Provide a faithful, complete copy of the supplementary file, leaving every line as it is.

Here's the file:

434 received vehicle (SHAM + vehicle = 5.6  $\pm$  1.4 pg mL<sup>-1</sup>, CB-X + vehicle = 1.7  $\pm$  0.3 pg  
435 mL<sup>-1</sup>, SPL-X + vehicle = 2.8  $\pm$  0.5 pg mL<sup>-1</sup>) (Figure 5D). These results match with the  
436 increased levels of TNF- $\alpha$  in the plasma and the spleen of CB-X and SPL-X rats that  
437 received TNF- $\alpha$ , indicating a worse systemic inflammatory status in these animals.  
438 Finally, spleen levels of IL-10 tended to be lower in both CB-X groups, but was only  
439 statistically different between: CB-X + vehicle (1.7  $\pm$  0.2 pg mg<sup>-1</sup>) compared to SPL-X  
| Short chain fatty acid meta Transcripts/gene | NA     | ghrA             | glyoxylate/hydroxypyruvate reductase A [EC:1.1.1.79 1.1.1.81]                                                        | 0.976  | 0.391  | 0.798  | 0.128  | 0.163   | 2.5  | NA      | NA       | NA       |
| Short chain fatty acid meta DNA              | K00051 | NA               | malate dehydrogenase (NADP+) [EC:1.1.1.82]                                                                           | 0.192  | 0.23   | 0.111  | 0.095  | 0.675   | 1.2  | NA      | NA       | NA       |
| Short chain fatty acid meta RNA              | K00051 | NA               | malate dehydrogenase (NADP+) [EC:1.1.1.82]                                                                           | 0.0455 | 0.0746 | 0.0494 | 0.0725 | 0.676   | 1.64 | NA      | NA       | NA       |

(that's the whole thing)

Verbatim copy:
434 received vehicle (SHAM + vehicle = 5.6  $\pm$  1.4 pg mL<sup>-1</sup>, CB-X + vehicle = 1.7  $\pm$  0.3 pg  
435 mL<sup>-1</sup>, SPL-X + vehicle = 2.8  $\pm$  0.5 pg mL<sup>-1</sup>) (Figure 5D). These results match with the  
436 increased levels of TNF- $\alpha$  in the plasma and the spleen of CB-X and SPL-X rats that  
437 received TNF- $\alpha$ , indicating a worse systemic inflammatory status in these animals.  
438 Finally, spleen levels of IL-10 tended to be lower in both CB-X groups, but was only  
439 statistically different between: CB-X + vehicle (1.7  $\pm$  0.2 pg mg<sup>-1</sup>) compared to SPL-X  
| Short chain fatty acid meta Transcripts/gene | NA     | ghrA             | glyoxylate/hydroxypyruvate reductase A [EC:1.1.1.79 1.1.1.81]                                                        | 0.976  | 0.391  | 0.798  | 0.128  | 0.163   | 2.5  | NA      | NA       | NA       |
| Short chain fatty acid meta DNA              | K00051 | NA               | malate dehydrogenase (NADP+) [EC:1.1.1.82]                                                                           | 0.192  | 0.23   | 0.111  | 0.095  | 0.675   | 1.2  | NA      | NA       | NA       |
| Short chain fatty acid meta RNA              | K00051 | NA               | malate dehydrogenase (NADP+) [EC:1.1.1.82]                                                                           | 0.0455 | 0.0746 | 0.0494 | 0.0725 | 0.676   | 1.64 | NA      | NA       | NA       |